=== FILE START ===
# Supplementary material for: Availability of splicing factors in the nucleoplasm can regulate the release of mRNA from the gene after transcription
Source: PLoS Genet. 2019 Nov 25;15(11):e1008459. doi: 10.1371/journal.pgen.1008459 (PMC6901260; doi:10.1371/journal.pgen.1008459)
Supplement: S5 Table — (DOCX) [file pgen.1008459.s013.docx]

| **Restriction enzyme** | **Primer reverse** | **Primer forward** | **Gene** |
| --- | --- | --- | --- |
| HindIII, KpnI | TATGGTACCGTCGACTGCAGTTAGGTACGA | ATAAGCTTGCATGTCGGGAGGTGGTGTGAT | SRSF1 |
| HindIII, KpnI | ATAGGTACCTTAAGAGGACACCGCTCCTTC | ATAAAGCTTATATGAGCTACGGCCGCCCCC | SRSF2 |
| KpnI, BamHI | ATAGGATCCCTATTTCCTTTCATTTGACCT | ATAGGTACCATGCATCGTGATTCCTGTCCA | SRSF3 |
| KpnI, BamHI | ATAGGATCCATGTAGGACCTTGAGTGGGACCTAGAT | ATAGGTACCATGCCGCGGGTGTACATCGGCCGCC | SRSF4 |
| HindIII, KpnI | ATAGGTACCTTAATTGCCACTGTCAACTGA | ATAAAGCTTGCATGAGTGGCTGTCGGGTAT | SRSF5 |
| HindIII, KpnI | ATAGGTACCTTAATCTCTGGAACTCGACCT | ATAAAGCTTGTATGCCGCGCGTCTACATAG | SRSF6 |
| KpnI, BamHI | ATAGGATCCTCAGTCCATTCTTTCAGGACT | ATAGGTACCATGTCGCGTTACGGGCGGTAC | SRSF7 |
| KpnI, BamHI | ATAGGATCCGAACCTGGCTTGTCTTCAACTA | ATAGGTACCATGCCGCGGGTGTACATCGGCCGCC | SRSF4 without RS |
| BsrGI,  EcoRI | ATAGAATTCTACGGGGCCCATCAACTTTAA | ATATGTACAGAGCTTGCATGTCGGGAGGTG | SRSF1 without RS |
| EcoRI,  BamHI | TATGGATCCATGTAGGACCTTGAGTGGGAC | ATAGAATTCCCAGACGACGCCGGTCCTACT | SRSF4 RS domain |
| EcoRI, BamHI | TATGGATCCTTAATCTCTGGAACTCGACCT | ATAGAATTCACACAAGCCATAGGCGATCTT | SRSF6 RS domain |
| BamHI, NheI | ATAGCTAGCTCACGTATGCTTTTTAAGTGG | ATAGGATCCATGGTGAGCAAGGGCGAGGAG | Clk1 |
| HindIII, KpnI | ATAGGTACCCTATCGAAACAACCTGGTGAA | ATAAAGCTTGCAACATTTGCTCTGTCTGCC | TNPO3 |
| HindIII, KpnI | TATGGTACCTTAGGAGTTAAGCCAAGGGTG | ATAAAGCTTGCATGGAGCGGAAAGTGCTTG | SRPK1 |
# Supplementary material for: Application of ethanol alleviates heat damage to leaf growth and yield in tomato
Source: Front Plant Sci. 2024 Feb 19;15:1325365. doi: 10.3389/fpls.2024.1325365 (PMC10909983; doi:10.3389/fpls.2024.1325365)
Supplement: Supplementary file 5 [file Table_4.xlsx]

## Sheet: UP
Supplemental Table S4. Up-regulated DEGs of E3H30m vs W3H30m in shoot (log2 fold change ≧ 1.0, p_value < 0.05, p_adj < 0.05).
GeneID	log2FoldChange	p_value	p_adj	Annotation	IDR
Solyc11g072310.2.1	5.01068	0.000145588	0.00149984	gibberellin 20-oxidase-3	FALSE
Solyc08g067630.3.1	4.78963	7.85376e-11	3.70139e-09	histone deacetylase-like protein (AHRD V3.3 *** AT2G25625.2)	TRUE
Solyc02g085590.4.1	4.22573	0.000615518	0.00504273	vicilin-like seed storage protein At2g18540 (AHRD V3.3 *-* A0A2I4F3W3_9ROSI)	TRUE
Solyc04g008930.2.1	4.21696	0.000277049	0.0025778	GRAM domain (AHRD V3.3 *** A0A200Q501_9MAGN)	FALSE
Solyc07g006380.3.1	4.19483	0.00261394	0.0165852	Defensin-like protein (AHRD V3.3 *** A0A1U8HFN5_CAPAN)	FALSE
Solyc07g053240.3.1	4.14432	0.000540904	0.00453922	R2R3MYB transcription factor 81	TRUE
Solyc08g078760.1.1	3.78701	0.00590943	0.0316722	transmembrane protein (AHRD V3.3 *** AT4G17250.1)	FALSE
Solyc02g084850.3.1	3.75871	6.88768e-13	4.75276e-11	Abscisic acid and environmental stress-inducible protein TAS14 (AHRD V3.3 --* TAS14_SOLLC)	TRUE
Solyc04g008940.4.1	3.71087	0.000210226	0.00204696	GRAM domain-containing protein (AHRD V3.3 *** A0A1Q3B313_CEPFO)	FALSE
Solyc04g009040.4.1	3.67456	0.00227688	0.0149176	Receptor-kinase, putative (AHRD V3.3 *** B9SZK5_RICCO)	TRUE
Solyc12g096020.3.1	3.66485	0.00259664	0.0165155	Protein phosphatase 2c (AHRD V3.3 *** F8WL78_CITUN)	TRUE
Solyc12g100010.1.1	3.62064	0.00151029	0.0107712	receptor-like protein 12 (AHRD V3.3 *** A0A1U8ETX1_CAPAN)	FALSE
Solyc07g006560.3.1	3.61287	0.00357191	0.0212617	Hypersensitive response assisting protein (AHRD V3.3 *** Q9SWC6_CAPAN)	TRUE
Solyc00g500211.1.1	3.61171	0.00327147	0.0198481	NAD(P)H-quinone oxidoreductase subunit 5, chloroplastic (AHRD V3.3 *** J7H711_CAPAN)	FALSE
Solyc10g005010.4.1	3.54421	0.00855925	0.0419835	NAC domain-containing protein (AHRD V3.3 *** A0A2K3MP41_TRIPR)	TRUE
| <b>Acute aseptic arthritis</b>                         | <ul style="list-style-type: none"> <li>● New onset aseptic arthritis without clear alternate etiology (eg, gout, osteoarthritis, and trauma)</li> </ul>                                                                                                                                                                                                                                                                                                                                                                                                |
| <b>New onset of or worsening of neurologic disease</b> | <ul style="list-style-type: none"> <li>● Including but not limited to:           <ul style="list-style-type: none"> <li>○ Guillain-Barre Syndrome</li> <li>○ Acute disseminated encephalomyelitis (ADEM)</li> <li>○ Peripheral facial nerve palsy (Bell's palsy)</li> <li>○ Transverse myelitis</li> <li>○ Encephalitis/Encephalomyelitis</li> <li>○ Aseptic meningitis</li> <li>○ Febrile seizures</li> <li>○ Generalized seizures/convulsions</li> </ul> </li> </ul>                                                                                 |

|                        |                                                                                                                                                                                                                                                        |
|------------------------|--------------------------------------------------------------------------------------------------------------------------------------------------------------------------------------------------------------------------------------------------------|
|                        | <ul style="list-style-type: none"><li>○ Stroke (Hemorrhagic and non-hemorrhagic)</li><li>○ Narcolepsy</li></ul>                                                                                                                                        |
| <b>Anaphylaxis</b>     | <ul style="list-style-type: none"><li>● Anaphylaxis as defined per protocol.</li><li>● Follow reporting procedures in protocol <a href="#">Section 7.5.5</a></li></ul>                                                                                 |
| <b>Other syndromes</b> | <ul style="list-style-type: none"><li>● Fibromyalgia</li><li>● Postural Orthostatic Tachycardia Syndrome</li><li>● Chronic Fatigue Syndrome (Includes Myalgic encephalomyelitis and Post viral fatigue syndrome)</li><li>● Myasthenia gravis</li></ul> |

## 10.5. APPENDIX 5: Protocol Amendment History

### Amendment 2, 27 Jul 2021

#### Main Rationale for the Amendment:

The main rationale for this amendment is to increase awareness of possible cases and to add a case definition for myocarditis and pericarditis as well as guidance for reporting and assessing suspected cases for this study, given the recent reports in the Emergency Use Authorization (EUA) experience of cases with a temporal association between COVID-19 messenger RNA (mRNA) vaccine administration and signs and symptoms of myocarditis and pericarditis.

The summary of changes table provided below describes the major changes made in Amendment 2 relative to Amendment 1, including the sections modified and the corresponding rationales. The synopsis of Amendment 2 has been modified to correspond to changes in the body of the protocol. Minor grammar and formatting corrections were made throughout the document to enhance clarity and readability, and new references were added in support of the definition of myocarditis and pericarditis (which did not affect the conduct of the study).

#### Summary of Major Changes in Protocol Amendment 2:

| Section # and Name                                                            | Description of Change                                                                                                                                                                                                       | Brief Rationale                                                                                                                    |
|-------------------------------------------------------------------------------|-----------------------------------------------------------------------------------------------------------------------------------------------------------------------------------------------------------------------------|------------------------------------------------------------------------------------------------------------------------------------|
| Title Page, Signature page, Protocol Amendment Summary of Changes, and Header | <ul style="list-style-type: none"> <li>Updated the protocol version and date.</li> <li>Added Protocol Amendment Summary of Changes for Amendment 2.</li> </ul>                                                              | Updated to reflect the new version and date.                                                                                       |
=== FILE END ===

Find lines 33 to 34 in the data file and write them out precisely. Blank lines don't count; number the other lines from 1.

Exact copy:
Solyc02g084850.3.1	3.75871	6.88768e-13	4.75276e-11	Abscisic acid and environmental stress-inducible protein TAS14 (AHRD V3.3 --* TAS14_SOLLC)	TRUE
Solyc04g008940.4.1	3.71087	0.000210226	0.00204696	GRAM domain-containing protein (AHRD V3.3 *** A0A1Q3B313_CEPFO)	FALSE